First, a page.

New research published in Diabetologia (the journal of the European Association for the Study of Diabetes) shows that people carrying a certain genetic variant relating to vitamin D metabolism are more likely to benefit from a high-protein weight loss diet than those without it. The research is by Dr Qibin Qi, Albert Einstein College of Medicine and Montefiore Health System, Bronx, NY, USA and Dr Yan Zheng, Harvard T.H. Chan School of Public Health, Boston, MA, USA, and Dr Lu Qi, Tulane University School of Public Health and Tropical Medicine, New Orleans, LA, USA and Harvard T.H. Chan School of Public Health, Boston, MA, USA and colleagues.
Previous research has shown that low levels of circulating vitamin D are associated with obesity, insulin resistance and an increased risk of type 2 diabetes. Other genetic studies have identified several genes involved in vitamin D metabolism. In this new research, the authors analysed whether diets high in fat or protein--both good sources of vitamin D--interact with these genetic variants in a way that improves weight loss and metabolic outcomes such as blood sugar control. They analysed interactions with three gene variants:
- DHCR7: involved in the synthesis of cholesterol, which is itself an essential component for making vitamin D
- CYP2R1: this converts vitamin D into 25-hydroxyvitamin D, which is the major circulatory form of vitamin D
- GC: vital for vitamin D storage and transport
The authors analysed overweight/obese participants from a 2 year weight-loss trial conducted in the USA (the POUNDS Lost study). They assessed genotype effects on changes in body weight, fasting levels of glucose and insulin, and insulin resistance at both 6 months (656 participants) and 2 years (596 participants) in response to low-protein versus high-protein diets, and low-fat versus high-fat diets.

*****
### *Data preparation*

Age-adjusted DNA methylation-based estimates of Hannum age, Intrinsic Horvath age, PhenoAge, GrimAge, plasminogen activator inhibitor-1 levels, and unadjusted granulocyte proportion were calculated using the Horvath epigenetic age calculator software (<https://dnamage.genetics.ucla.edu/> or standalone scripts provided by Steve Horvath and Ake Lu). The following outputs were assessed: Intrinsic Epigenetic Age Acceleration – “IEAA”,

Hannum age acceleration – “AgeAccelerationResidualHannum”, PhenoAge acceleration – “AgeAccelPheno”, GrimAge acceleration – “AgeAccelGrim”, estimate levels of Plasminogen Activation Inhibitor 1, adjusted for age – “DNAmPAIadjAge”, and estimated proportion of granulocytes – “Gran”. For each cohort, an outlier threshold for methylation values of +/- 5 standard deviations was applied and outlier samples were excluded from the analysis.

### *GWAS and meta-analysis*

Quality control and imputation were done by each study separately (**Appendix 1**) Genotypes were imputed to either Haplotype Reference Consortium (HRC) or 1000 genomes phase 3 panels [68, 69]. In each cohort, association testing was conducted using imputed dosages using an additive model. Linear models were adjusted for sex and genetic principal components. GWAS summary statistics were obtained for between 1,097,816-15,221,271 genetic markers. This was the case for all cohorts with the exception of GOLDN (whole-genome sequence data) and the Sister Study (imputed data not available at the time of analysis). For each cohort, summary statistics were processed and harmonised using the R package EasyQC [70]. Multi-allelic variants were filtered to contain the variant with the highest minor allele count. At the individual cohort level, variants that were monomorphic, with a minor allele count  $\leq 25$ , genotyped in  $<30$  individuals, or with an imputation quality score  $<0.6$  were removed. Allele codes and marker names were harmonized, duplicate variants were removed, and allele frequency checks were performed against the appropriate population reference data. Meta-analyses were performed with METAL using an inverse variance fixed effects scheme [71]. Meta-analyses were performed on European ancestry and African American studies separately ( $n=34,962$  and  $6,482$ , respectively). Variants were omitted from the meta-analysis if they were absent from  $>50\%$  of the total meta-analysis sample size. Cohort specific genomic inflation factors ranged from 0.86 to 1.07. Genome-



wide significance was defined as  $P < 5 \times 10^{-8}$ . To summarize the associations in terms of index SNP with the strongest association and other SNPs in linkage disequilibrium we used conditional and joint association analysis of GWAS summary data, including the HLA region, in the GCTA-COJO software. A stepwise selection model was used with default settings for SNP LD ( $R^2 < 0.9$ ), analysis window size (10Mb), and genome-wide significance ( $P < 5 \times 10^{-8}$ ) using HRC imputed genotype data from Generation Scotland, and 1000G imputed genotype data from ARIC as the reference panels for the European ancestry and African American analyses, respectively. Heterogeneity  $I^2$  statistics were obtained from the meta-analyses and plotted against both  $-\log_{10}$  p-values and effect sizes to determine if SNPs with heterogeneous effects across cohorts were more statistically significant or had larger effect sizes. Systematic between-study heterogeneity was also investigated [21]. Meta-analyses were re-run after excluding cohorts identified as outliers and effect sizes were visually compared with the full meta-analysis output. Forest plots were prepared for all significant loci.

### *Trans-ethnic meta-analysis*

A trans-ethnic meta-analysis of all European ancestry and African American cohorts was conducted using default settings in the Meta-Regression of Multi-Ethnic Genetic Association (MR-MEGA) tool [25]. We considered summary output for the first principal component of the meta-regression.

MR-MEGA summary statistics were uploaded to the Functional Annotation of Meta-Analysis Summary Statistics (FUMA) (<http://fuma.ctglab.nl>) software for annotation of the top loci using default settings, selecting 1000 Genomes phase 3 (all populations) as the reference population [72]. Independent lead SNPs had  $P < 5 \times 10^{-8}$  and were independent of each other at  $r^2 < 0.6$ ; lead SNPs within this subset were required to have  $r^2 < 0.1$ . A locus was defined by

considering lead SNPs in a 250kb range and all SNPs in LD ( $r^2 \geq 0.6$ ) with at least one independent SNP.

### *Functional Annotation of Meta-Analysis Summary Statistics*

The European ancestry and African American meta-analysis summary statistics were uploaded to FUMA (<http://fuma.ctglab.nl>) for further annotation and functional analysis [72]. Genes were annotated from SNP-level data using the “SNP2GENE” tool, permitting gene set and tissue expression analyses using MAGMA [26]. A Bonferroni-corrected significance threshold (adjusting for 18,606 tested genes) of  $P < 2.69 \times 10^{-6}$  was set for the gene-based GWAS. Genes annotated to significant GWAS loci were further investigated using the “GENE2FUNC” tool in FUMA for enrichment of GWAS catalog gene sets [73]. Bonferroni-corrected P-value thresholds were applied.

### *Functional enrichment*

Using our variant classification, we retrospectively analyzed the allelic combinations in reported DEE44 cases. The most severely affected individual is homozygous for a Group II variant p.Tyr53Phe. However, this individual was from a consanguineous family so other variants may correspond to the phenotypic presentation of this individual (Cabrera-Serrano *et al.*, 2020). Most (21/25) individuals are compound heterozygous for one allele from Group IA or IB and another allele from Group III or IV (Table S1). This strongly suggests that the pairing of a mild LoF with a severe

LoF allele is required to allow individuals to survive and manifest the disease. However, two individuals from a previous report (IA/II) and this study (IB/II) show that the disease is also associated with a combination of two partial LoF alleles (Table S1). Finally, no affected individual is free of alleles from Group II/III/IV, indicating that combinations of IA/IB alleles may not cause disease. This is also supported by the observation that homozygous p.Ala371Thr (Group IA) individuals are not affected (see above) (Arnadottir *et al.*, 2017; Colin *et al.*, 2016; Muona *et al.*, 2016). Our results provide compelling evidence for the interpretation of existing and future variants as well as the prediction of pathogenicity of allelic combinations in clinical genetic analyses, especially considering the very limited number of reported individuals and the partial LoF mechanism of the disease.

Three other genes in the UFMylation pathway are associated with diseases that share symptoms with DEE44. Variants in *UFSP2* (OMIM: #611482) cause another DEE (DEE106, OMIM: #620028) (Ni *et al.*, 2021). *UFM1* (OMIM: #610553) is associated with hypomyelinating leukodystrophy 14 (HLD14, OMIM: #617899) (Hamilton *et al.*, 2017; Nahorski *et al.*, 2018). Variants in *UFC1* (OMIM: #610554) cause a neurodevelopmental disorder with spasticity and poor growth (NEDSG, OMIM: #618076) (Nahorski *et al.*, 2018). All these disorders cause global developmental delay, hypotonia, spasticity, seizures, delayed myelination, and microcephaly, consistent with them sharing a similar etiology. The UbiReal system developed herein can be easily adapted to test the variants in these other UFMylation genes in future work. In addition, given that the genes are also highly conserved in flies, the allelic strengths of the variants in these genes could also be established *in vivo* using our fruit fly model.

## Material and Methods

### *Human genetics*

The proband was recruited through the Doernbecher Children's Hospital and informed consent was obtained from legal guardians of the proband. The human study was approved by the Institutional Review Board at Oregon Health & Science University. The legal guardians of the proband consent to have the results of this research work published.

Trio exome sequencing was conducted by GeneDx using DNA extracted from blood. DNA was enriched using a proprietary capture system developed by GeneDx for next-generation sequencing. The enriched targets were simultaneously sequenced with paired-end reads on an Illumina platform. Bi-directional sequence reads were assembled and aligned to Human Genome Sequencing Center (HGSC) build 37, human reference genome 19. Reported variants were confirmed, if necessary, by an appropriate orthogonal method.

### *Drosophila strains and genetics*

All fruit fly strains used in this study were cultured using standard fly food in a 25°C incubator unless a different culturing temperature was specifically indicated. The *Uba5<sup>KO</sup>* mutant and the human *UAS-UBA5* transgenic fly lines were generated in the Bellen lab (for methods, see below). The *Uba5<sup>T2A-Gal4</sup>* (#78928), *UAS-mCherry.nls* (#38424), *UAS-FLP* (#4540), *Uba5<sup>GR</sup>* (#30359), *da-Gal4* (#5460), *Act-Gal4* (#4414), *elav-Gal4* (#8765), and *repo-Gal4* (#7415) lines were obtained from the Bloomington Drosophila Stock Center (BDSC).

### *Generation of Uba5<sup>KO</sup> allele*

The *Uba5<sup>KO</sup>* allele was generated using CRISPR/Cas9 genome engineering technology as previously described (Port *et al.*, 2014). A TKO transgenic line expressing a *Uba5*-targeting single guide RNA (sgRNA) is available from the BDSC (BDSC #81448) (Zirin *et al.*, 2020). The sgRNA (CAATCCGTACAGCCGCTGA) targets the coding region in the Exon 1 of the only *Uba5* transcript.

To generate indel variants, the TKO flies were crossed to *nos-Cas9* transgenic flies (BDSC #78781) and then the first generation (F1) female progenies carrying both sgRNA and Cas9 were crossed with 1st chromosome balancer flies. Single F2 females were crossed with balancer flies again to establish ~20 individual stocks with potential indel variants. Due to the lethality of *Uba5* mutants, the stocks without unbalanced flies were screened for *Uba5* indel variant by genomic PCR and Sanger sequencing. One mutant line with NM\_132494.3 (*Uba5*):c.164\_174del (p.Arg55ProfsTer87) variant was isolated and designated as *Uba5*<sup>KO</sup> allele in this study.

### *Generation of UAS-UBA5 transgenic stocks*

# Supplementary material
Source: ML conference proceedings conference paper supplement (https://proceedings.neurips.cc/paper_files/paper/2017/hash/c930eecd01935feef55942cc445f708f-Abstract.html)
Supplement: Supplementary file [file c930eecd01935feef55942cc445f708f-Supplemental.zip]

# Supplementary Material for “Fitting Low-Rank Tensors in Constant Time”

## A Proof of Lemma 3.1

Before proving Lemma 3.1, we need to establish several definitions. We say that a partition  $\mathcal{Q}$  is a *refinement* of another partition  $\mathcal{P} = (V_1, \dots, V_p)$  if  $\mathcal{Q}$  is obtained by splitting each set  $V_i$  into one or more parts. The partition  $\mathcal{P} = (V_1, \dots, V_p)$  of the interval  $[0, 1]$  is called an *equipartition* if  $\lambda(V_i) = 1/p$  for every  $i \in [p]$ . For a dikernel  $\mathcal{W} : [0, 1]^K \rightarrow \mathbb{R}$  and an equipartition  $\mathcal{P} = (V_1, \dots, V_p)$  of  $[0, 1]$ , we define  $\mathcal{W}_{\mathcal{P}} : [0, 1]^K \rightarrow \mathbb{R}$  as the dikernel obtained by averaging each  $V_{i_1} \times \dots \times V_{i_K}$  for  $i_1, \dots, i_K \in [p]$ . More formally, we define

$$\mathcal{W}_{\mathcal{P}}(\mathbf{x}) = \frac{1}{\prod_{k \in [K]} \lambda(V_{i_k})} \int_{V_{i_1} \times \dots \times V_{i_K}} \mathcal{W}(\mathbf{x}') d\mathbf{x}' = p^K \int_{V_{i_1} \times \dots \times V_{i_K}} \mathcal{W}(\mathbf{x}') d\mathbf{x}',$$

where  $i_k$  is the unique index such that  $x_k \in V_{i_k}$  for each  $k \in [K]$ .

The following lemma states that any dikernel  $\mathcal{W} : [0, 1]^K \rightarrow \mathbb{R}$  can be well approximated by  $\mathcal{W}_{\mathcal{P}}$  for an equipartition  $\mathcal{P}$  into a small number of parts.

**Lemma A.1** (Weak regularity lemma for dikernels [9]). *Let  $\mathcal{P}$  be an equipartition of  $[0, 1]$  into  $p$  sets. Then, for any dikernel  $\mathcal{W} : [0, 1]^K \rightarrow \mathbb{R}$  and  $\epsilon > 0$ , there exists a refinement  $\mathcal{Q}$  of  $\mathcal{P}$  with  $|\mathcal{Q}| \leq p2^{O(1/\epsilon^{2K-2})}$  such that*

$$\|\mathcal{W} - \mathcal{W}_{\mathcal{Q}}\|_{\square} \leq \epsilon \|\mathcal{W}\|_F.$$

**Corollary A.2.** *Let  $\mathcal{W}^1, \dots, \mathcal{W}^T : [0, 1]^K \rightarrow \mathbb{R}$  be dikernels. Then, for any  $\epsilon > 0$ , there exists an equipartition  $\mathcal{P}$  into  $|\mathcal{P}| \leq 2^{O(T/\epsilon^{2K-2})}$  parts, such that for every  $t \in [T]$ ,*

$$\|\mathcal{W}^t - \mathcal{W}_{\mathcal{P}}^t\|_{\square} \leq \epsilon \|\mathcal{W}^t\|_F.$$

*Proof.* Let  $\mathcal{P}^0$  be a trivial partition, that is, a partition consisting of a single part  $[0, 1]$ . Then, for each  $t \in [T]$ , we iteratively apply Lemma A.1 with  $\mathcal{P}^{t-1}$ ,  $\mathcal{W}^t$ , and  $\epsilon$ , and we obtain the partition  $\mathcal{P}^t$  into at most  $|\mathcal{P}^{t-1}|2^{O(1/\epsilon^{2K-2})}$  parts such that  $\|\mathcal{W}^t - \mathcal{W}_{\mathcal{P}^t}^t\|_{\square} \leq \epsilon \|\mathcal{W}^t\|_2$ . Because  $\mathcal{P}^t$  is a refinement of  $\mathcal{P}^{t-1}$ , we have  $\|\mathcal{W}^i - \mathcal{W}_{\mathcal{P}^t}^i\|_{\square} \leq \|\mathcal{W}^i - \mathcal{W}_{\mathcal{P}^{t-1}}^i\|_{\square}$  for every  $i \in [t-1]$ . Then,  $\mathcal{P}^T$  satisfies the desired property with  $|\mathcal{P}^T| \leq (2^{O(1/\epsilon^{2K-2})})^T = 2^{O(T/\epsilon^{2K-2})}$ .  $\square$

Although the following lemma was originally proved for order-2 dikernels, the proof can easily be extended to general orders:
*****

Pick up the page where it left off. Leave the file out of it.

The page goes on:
They found significant interactions between DHCR7 and diets varying in protein, but not in fat, which brought about changes in insulin and insulin resistance at both 6 months and 2 years. People with the DHCR7 variant which leads to increased vitamin D showed greater decreases in fasting insulin levels and insulin resistance in response to high-protein diets, while there was no significant genotype effect on changes in these traits in the low-protein diet group. There was no significant interaction found between the other two genetic variants and dietary protein, or any of the three variants with dietary fat.
Regarding weight loss, there was no significant interaction between vitamin D genetic variants and dietary protein or fat on weight loss. The amount of weight loss was similar between the low- and high-protein diet groups, and between the low- and high-fat diet groups (meaning all the diets worked for weight loss, but there were no differences between people with different genotypes).
The authors say: "We speculate that vitamin D and/or other nutrients from protein-rich foods may interact with DHCR7 to influence DHCR7 function, thereby affecting blood vitamin D levels and eventually modifying the effects on changes in insulin resistance...Our findings provide new insight into the utility of using knowledge of vitamin-D-related genetic variation to improve personalised dietary interventions."
"Our findings of gene-protein dietary interaction are biologically plausible, provide additional evidence for the roles of vitamin D in insulin resistance, and suggest new insights into effective strategies for type 2 diabetes prevention and intervention."